Legendary entertainer Elaine Stritch captured the hearts of audiences to the very end

Legendary entertainer Elaine Stritch captured the hearts of audiences to the very end
Photo credit:New York Times

Elaine Stritch was perhaps best known to audiences today for her role as Alec Baldwin's one-of-a kind mom in the hit TV show 30 Rock. But the legendary actress, comedienne and singer had a career that spanned decades--taking her from theater to movies to television. As Joe Dziemianowicz wrote in the NY Daily News: "She left a showbiz legacy that no one can match." He described the legendary entertainer, who died July 17th, as "feisty, fearless and relentlessly frank."

New York Times writers Bruce Weber and Robert Berkvist referred to her as “a living emblem of show business durability and perhaps the leading interpreter of Stephen Sondheim’s acrid musings on aging.” It was one of Sondheim’s songs, “I’m Still Here,” that was an anthem for her to the very end. She survived cigarettes, alcohol. and dealt with diabetes, all of which she candidly reflected on in her Tony award winning one woman Broadway show, Elaine Stritch at Liberty. The HBO special telecast of the show also earned her an Emmy.

The Detroit Free Press quotes one of her nieces, Sally Hanley, who had this telling comment about her beloved aunt: “The gruff exterior, there was a huge heart inside, and I think that’s what people were drawn to.”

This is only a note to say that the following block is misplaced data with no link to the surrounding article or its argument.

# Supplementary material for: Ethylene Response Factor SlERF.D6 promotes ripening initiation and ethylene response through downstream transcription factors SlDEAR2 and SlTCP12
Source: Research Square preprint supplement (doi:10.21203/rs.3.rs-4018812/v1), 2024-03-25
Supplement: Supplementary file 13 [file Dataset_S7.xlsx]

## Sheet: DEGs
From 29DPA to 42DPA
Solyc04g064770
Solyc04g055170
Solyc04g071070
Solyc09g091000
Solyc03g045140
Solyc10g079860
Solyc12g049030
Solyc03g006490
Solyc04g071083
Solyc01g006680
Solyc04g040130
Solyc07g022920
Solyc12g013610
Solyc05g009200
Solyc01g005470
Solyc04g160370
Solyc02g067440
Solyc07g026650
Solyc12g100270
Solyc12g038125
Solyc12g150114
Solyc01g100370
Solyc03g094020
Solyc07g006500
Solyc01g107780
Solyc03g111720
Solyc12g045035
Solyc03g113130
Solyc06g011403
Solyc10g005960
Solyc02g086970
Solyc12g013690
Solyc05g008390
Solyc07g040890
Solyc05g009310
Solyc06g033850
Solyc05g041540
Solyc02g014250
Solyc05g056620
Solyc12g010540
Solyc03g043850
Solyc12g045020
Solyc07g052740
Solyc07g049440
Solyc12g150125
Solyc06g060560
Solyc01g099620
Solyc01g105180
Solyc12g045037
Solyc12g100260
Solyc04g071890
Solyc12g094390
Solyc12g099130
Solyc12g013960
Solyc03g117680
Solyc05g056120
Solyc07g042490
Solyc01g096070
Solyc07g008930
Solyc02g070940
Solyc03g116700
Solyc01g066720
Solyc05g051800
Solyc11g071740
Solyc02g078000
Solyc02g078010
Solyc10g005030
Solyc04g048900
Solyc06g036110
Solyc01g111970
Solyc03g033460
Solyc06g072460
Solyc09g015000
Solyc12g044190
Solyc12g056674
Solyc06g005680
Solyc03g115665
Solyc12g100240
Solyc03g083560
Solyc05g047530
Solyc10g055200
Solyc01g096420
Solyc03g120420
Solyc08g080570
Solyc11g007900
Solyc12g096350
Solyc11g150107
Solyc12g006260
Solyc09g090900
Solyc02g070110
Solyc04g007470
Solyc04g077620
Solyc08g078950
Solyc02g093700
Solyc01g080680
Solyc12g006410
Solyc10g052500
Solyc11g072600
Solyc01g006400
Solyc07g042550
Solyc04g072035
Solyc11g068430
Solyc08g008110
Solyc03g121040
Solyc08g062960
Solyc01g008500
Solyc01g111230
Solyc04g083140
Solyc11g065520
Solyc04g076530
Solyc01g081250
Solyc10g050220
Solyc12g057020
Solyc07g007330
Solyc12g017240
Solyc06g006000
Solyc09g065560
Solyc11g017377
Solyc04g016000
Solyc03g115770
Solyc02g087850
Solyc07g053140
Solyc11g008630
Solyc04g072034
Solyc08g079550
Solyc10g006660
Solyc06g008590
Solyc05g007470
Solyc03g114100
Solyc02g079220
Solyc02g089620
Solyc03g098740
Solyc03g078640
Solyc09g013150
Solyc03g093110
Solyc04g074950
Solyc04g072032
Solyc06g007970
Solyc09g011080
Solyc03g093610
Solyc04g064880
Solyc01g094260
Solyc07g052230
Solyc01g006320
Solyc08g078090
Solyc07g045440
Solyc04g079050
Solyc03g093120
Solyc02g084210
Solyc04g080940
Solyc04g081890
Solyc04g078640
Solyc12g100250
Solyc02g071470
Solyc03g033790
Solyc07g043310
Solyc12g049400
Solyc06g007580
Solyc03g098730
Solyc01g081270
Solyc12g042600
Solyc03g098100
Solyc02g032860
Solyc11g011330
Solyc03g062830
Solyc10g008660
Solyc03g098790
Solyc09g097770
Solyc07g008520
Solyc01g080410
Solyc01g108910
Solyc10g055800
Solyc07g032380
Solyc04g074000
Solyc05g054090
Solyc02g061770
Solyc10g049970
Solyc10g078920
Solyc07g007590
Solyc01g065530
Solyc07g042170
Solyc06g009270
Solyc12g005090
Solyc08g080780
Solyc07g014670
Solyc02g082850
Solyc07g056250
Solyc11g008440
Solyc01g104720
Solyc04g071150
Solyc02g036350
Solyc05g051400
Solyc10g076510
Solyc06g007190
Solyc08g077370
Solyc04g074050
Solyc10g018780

The Michigan native, who made New York City her home until returning to Michigan last year to be with her family, was honored by Wayne State University in April 2013. Professor John Wolf, Chair of the theater and music department, had this to say: “The impression that I was always left with of Elaine was how quickly you came to love her. She was a fighter and someone who persevered.”

In a NY Times column appraising her incredible career, Charles Isherwood concludes with the lyrics to the song Something Good from The Sound of Music, which she performed as part of her solo Broadway show: “Nothing ever comes from nothing, nothing ever could. So somewhere in my youth or childhood, I must have done something good.” Isherwood writes: “She still seemed to wonder if she was worthy of our admiration. She was.”

The Detroit Free Press, 7/17/14

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